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Dienstag, 02. November 2010 (10:59 Uhr)


Amazon setzt Agency-Modell in Großbritannien um

Mit der Faust in der Tasche gefolgt

Kurz nach dem Start des britischen Kindle-Ablegers hat Amazon in dieser Woche zähneknirschend den Verlagen Hachette, HarperCollins und Penguin die Preishoheit zurückgegeben. Im Vorfeld hatte der Onliner eine Breitseite gegen das Agency-Modell für E-Books abgefeuert.

Laut Bookseller haben sich neben den drei genannten Verlagen auch Canongate, Macmillan und Simon & Schuster bei Amazon durchgesetzt, künftig selbst die Preise ihrer E-Books festzulegen – noch seien die neuen Preise jedoch nicht im Shop zu sehen. In den USA hatte sich Amazon bereits im Februar Macmillan gebeugt und bietet die E-Books der Holtzbrinck-Tochter seitdem zu dem vom Verlag gewünschten Verkaufspreis an – was dem Verlag in de Branche viel Applaus beschert hatte (hier mehr).

Während Amazon bei den einzelnen Titeln mit dem schlichten Vermerk „This price was set by the publisher“ auf die Preissetzung unter dem Agency-Modell hinweist, hatte der Onliner Mitte Oktober in einer E-Mail an die Kunden (am Ende des Artikels) einen schärferen Ton angeschlagen. Darin heißt es, man werde die Pricing-Verlagerung zur Verlagsseite „bekämpfen“; Verlage, die selbst ihre Preise festlegten, müssten deutliche Absatz-Einbußen in Kauf nehmen – das Absatz-Wachstum dieser Titel sei nur halb so groß wie das Absatz-Wachstum des gesamten Kindle-Programms.

Amazon email to customers in full

Dear Customers,

Recently, you may have heard that a small group of UK publishers will require booksellers to adopt an "agency model" for selling e-books. Under this model, publishers set the consumer price for each e-book and require any bookseller to sell at that price. This is unlike the traditional wholesale model that's been in place for decades, where booksellers set consumer prices.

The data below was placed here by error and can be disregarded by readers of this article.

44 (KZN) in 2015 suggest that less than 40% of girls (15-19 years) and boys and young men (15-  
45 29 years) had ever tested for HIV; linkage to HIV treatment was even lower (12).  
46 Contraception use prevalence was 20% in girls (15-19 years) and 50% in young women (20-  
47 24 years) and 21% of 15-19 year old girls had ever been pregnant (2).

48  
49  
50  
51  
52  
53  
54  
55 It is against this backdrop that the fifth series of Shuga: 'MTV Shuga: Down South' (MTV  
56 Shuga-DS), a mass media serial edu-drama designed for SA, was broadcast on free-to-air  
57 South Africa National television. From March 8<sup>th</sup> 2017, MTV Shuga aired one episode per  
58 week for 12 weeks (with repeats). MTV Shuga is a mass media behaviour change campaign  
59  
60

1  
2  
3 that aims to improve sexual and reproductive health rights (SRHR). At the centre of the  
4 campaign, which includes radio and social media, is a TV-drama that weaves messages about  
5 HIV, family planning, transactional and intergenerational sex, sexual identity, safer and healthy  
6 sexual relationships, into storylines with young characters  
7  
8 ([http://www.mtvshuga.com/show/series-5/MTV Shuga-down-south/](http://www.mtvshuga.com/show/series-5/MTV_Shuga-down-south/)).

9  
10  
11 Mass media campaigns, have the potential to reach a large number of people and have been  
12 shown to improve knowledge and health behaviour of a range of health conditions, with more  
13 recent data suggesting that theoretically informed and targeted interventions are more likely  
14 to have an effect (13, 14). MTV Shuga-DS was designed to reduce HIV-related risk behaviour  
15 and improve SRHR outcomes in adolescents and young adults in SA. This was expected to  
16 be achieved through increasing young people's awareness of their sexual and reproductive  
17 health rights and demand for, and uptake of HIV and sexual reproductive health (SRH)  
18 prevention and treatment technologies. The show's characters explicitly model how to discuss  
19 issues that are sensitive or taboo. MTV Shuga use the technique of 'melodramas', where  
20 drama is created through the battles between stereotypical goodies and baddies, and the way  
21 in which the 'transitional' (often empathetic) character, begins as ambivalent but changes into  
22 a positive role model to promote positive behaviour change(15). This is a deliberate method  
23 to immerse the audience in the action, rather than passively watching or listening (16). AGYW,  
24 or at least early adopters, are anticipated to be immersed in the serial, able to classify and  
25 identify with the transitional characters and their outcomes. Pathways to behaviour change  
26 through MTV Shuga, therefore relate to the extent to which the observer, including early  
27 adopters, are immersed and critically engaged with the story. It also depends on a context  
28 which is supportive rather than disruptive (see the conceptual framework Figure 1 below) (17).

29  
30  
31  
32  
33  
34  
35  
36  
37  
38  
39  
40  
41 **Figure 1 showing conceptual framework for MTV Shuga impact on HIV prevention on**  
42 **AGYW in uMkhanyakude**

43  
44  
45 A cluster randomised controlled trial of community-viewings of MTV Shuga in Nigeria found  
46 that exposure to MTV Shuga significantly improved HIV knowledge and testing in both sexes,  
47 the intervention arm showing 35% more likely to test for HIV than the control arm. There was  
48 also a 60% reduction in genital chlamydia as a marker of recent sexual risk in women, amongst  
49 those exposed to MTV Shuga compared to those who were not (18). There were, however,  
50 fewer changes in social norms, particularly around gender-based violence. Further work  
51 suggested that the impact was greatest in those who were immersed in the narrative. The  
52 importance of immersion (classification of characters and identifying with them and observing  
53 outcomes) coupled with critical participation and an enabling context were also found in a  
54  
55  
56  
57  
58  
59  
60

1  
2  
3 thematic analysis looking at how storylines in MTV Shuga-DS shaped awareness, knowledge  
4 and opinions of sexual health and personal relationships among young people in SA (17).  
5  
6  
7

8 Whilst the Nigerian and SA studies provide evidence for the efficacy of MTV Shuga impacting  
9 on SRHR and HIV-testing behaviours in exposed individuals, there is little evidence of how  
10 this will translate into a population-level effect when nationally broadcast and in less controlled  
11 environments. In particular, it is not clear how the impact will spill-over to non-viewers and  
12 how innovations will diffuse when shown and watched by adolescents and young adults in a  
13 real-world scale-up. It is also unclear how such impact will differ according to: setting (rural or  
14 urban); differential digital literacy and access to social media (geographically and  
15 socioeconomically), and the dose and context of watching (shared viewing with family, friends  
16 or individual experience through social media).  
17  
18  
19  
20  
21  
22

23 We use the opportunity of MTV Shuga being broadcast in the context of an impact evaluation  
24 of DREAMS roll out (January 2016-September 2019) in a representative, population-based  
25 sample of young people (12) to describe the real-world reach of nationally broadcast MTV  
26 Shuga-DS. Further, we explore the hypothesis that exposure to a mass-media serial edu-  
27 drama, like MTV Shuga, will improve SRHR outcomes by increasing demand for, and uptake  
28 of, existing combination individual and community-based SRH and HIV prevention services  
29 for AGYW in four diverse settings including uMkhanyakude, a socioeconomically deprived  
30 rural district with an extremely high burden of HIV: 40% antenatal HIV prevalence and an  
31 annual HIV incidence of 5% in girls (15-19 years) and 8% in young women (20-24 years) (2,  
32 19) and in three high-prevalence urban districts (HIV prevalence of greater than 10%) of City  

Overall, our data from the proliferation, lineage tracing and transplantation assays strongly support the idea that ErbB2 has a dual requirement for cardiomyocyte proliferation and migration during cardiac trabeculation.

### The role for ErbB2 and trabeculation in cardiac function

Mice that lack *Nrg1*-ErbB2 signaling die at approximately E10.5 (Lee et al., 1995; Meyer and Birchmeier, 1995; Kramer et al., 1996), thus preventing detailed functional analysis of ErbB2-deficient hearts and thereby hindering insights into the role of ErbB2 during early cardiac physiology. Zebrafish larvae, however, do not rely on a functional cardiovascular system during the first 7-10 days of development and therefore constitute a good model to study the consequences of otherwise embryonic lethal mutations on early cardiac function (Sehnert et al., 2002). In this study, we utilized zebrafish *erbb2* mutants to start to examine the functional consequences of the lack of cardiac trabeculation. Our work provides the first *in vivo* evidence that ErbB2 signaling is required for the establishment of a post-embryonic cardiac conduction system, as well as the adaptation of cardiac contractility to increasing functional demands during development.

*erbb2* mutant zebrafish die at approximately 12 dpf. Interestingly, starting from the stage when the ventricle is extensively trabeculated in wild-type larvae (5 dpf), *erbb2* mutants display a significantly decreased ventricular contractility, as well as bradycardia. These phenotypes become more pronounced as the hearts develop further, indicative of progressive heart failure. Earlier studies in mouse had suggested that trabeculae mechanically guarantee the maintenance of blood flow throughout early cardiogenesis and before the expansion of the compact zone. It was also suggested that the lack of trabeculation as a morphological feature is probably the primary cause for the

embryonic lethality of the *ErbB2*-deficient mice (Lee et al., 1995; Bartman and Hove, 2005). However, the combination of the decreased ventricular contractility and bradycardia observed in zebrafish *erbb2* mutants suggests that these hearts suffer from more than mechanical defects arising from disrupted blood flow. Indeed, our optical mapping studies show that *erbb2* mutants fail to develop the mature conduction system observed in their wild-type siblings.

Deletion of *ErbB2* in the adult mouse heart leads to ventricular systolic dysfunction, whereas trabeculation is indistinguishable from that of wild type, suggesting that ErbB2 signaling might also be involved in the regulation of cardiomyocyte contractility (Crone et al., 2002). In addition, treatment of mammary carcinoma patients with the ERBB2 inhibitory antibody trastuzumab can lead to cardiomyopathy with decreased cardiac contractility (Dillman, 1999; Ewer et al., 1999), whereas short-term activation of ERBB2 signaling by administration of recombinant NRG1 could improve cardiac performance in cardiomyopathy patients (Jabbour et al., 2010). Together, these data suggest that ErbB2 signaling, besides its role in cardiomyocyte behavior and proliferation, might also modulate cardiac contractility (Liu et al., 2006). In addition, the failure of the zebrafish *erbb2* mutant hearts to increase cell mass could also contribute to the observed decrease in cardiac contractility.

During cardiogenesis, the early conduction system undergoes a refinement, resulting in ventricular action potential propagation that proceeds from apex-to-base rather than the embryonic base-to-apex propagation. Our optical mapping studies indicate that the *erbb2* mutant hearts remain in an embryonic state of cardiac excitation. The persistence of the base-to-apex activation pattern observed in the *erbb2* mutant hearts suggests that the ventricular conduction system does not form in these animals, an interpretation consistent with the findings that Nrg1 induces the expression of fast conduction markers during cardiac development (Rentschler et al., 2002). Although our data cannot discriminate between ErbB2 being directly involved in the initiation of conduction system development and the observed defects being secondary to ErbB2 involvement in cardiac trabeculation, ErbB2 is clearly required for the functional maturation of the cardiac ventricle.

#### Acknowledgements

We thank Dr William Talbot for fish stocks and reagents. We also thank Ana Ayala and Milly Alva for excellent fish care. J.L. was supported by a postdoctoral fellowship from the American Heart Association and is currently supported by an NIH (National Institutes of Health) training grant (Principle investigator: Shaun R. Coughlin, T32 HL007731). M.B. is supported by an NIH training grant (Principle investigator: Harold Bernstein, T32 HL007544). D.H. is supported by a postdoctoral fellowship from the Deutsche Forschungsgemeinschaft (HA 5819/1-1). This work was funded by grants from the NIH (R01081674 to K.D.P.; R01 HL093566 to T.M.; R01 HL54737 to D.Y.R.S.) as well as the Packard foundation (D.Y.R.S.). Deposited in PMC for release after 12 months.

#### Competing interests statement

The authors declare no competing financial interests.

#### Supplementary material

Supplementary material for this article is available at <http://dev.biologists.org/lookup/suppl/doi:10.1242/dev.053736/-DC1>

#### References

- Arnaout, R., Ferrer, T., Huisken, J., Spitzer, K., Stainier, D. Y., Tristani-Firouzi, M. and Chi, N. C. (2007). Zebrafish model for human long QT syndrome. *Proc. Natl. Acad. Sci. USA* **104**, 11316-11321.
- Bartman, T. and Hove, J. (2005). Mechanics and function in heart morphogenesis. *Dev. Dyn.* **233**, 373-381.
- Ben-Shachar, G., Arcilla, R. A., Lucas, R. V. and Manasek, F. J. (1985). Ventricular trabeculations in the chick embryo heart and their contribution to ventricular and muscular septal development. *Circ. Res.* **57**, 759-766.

It is indeed correct that this group of publishers will require Amazon and other UK booksellers to accept an agency model for e-books. We believe they will raise prices on e-books for consumers almost across the board. For a number of reasons, we think this is a damaging approach for readers, authors, booksellers and publishers alike.

In the US, a few large publishers have already forced such a model on all US booksellers and readers. You can read the thread we posted about that change here:


As we're now faced with a similar situation in the UK, we wanted to share our thinking and some details about what we have observed from our experience in the US.

First, as we feared, the US agency publishers (Hachette, HarperCollins, Macmillan, Penguin, and Simon & Schuster) raised digital book prices almost across the board. These price increases were not only on new books, but on older, "backlist" books as well (in the industry, "backlist" books are often defined as books that have been published more than a year ago). Based on our experience as a bookseller setting consumer prices for many years, we know that these increases have not only frustrated readers, but have caused booksellers, publishers and authors alike to lose sales.

There is some good news to report. Publishing is not a monolithic industry - there are many publishers of all sizes taking a wide range of approaches to e-books. And most publishers in the US have continued to sell e-books to us and other booksellers under traditional wholesale terms. They make up the vast majority of our Kindle bookstore - as a simple proxy, in our US store 79 of 107 New York Times bestsellers are priced at $9.99 (£6.31 GBP) or less, and across the whole US store over 585,000 of 718,000 US titles are priced at $9.99 or less.

Unsurprisingly, when prices went up on agency-priced books, sales immediately shifted away from agency publishers and towards the rest of our store. In fact, since agency prices went into effect on some e-books in the US, unit sales of books priced under the agency model have slowed to nearly half the rate of growth of the rest of Kindle book sales. This is a significant difference, as the growth of the total Kindle business has been substantial - up to the end of September, we've sold more than three times as many Kindle books in 2010 as we did up to the end of September in 2009. And in the US, Kindle editions now outsell hardcover editions, even while our hardcover business is growing.

In the UK, we will continue to fight against higher prices for e-books, and have been urging publishers considering agency not to needlessly impose price increases on consumers. In any case, we expect UK customers to enjoy low prices on the vast majority of titles we sell, and if faced with a small group of higher-priced agency titles, they will then decide for themselves how much they are willing to pay for e-books, and vote with their purchases.

Thank you for being a customer,
The Kindle UK Team



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